The lesson to be learned is that deterministic and stochastic effects in children and in practitioners are possible, and certain measures can be taken to limit their likelihood or to eliminate them. It is important that we recognize injuries and properly advise patients on what to do should they occur. A discussion of the mechanisms of injury and the threshold doses for their occurrence can be found in Koenig et al. [2].

The FDA Advisory

In 1994, the United States Food and Drug Administration issued the only advisory that it has ever issued on medical radiation effects [6]. In that advisory the FDA warned physicians and health-care administrators that the FDA had received reports of occasional but severe skin injuries in patients undergoing certain fluoroscopically guided procedures. The FDA delineated those procedures likely to lead to high skin doses and provided some recommendations on how to reduce the likelihood of injury. Topics of these recommendations included:
  1. 1.

    Training of physicians

  2. 2.

    Dose management

  3. 3.

    Dose monitoring and recording

  4. 4.

    Patient counseling


Although these recommendations are not regulatory, they do represent advice from one of the highest health authorities in the United States. Familiarization with the FDA Advisory is recommended to ensure that practices at a particular facility have appropriately addressed these recommendations. Organizations that have developed documents addressing this Advisory, at least in part, include the Society of Interventional Radiology [7] and the American College of Cardiology Foundation along with its sister societies [8]. The American College of Radiology has for years recommended that training of radiologists include radiation management.

Lessons from radiation effects in children

Skin injury in arms

Vañó et al. [1] have reported on radiation-induced skin injury in the right arms of two pediatric cardiology patients. One was a 7-year-old girl and the other a 12-year-old girl. Both underwent prolonged electrophysiological and ablation procedures. During the procedures, the patients–right arms were in the lateral beam as the patient reclined on the table. This geometry causes several important problems. First, the added tissue in the field-of-view causes unnecessary attenuation of the X-rays. This in turn causes the automatic brightness control of the fluoroscope to raise the radiation output in compensation for the added attenuation. Second, the closer proximity of the arm to the X-ray port means that the intensity of the beam at the surface of the arm is exponentially enhanced according to the inverse square law. Finally, the added tissue likely causes the kVp to increase, resulting in reduced contrast, perhaps prolonging the procedure.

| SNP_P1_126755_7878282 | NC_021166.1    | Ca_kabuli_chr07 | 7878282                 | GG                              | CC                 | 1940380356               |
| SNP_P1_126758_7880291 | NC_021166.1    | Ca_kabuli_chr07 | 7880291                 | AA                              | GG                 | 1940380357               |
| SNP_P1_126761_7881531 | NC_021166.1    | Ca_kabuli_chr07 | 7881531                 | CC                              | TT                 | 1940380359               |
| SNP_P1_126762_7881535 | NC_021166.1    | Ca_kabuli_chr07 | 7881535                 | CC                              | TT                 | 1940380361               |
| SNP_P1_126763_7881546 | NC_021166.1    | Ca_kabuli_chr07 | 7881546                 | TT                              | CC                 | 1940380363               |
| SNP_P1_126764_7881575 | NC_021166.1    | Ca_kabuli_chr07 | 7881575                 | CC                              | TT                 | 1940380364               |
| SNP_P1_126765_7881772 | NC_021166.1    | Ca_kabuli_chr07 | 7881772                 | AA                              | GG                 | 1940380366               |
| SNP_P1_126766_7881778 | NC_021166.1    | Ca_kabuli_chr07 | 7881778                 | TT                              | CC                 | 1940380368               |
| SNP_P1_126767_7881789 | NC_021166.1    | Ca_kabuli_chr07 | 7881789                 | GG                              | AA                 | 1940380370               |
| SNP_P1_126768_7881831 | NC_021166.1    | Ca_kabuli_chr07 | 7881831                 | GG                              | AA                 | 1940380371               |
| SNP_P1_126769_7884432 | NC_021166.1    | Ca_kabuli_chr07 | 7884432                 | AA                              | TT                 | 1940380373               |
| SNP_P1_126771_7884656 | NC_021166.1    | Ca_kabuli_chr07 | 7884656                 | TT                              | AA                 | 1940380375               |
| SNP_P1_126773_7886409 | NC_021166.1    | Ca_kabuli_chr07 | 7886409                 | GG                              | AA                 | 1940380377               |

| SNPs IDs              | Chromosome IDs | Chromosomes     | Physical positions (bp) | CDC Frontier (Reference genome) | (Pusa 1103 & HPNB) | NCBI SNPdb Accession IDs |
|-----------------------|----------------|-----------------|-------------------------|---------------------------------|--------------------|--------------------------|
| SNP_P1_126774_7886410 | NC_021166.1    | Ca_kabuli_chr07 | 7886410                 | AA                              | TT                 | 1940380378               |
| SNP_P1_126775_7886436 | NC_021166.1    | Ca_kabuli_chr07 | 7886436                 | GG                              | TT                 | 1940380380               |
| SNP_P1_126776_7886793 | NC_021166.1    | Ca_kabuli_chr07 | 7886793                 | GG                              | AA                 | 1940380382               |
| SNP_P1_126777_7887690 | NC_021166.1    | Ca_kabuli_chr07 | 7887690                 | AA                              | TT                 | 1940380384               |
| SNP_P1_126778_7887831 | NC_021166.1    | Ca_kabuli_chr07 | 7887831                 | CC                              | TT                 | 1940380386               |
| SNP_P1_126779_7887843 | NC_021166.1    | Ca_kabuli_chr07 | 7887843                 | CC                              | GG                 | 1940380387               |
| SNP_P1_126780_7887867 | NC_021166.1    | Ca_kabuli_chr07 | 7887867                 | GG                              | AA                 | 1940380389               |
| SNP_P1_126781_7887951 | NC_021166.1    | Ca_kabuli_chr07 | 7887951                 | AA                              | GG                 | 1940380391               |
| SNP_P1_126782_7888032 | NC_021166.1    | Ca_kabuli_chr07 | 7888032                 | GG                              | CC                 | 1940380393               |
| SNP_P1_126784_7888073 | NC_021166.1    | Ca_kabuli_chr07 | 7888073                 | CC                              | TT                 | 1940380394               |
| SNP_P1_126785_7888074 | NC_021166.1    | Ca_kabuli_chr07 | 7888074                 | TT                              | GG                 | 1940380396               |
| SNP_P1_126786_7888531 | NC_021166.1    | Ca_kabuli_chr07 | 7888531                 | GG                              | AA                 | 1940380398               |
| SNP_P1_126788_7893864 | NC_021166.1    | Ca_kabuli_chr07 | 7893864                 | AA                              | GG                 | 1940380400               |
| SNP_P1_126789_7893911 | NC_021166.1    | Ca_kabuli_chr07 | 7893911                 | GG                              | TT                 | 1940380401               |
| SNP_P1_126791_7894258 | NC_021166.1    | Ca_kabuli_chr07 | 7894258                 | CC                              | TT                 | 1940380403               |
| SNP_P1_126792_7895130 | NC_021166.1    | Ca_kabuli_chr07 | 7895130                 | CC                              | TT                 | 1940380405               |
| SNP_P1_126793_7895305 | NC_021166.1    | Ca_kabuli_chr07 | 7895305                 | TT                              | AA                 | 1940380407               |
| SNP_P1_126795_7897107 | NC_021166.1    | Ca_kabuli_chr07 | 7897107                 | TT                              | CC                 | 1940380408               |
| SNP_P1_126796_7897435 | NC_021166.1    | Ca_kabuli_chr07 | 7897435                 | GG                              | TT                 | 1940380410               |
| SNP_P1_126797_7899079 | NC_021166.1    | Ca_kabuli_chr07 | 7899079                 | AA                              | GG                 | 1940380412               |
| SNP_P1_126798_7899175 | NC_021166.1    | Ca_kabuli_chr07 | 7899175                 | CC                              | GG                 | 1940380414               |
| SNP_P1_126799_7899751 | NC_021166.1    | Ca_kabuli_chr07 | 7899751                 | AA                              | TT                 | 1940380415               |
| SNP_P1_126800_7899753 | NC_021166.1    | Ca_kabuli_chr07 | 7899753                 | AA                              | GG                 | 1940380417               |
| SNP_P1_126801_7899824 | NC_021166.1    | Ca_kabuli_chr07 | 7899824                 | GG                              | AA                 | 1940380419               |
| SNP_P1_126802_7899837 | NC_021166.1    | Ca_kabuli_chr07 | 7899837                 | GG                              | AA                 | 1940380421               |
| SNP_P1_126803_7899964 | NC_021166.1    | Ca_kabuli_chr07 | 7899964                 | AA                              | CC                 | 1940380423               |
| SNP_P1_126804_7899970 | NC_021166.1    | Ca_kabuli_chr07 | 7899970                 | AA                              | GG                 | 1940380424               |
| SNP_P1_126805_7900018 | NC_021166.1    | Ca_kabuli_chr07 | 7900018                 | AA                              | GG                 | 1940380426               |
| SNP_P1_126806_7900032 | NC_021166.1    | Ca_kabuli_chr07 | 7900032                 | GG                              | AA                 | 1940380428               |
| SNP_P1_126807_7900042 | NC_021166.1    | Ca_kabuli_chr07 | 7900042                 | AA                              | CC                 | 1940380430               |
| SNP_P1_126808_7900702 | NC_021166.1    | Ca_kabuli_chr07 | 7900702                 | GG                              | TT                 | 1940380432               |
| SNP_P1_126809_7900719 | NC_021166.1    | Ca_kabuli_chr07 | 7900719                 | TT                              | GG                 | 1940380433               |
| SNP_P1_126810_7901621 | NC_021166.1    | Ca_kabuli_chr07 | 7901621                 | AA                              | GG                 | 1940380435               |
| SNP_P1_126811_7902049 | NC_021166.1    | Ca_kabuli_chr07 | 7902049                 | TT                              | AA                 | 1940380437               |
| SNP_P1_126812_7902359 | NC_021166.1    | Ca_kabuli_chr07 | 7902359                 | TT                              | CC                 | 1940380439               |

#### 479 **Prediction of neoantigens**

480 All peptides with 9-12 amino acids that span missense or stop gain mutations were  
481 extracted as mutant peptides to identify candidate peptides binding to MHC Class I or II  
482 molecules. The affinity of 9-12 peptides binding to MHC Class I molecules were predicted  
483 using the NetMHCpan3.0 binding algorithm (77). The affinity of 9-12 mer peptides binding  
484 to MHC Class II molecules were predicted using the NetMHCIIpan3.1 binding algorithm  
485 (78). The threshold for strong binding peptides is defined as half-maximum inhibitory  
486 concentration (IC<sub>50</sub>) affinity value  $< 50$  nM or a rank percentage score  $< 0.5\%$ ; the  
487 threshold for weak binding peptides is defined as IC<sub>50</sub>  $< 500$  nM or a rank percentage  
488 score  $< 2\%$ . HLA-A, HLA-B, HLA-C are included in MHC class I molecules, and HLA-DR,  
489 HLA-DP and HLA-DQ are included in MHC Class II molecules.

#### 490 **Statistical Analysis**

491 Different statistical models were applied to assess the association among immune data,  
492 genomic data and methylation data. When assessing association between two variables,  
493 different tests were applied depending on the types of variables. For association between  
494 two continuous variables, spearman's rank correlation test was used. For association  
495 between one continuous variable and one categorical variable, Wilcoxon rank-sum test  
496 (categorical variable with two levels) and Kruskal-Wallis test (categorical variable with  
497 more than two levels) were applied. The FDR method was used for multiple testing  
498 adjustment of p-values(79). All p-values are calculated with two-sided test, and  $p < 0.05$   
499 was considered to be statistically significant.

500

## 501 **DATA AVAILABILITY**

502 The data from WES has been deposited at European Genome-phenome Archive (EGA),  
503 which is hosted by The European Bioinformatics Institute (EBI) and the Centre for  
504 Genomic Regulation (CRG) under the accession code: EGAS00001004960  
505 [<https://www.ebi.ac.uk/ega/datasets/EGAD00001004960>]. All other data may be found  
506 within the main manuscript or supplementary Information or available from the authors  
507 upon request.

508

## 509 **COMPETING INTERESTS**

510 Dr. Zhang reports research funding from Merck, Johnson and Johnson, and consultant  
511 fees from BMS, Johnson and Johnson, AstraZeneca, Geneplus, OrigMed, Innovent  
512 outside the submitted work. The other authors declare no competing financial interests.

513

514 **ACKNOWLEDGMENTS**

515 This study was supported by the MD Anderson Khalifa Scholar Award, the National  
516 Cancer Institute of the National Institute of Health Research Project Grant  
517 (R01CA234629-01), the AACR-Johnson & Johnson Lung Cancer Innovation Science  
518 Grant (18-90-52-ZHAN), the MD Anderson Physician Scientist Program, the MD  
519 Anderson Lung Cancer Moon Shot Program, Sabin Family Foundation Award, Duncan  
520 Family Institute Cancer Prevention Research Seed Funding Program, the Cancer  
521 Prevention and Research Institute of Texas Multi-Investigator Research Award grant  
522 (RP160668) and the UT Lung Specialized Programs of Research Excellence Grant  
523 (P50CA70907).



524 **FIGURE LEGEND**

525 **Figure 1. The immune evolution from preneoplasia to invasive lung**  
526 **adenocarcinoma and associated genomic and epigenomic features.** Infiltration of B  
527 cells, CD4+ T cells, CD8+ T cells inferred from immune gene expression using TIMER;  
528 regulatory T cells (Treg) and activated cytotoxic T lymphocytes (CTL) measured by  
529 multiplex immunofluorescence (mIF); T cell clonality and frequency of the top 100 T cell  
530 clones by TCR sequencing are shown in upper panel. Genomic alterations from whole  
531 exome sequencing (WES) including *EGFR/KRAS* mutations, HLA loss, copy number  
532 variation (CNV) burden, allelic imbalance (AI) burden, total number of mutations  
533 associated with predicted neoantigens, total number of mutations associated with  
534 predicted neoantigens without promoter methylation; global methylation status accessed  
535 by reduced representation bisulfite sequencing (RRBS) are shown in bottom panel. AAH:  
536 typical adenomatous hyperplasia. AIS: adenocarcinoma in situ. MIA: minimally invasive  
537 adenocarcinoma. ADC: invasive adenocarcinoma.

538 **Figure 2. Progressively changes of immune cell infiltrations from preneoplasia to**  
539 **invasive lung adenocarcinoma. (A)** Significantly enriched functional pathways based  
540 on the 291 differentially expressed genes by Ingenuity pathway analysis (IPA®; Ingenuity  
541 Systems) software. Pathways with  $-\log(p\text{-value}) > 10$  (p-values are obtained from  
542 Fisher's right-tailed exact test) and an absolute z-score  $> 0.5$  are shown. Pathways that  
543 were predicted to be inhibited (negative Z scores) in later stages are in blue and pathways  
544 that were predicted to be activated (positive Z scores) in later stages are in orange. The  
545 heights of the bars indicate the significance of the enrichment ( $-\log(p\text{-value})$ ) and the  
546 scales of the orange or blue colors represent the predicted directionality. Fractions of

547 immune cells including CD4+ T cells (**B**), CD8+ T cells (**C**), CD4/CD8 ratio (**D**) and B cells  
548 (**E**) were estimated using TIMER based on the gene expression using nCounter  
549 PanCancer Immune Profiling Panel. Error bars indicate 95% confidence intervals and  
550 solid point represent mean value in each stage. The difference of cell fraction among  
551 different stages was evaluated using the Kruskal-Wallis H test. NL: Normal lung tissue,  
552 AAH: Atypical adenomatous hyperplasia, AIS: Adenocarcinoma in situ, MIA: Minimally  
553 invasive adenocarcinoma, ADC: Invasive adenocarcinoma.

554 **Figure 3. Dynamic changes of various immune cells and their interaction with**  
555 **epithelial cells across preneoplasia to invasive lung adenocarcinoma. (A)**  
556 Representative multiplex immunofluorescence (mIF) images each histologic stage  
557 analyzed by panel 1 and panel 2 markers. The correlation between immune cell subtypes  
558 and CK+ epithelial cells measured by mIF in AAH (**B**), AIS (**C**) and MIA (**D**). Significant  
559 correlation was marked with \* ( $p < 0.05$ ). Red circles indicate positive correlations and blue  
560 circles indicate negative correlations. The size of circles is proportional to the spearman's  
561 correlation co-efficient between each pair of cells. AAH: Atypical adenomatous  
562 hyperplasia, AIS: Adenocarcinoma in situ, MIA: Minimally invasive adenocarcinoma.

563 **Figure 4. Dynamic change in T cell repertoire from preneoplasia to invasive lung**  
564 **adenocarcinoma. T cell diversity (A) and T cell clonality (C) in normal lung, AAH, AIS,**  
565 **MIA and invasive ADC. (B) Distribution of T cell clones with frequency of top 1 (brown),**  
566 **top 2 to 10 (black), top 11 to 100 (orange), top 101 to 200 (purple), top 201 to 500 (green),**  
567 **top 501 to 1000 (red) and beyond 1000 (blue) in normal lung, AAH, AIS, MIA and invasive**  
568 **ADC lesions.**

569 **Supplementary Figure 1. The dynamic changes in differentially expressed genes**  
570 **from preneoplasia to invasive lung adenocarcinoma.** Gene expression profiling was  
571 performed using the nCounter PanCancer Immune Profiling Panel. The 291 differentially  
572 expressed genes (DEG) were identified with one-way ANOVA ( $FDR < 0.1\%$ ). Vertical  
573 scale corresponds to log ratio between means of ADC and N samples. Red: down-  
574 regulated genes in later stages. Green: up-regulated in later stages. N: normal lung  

Although it is important to rest the arms in a comfortable position so as not to compromise circulation, it is also important to position them out of the way of the beam in order to avoid radiation risk to the arm. In adults, there exist several instances of severe radiation injuries to arms, all caused during prolonged fluoroscopically guided interventional procedures [2, 3, 8, 9].

The rule to remove arms from the beam applies to both arms. The presence of the arm on the exit-beam side of the patient also serves to attenuate radiation, enhancing radiation output and reducing image contrast.

Chest and breast

Vañó et al. [1] have also reported on a 17-year-old girl who underwent two attempts at a cardiac ablation procedure. This resulted in a large area of skin scarring on the right side of her chest from a left lateral projection, and the scar bordered on the posterior aspects of her right breast. The scarring included hyper- and hypopigmentation, telangiectasia and induration. The patient had limited movement of her right arm.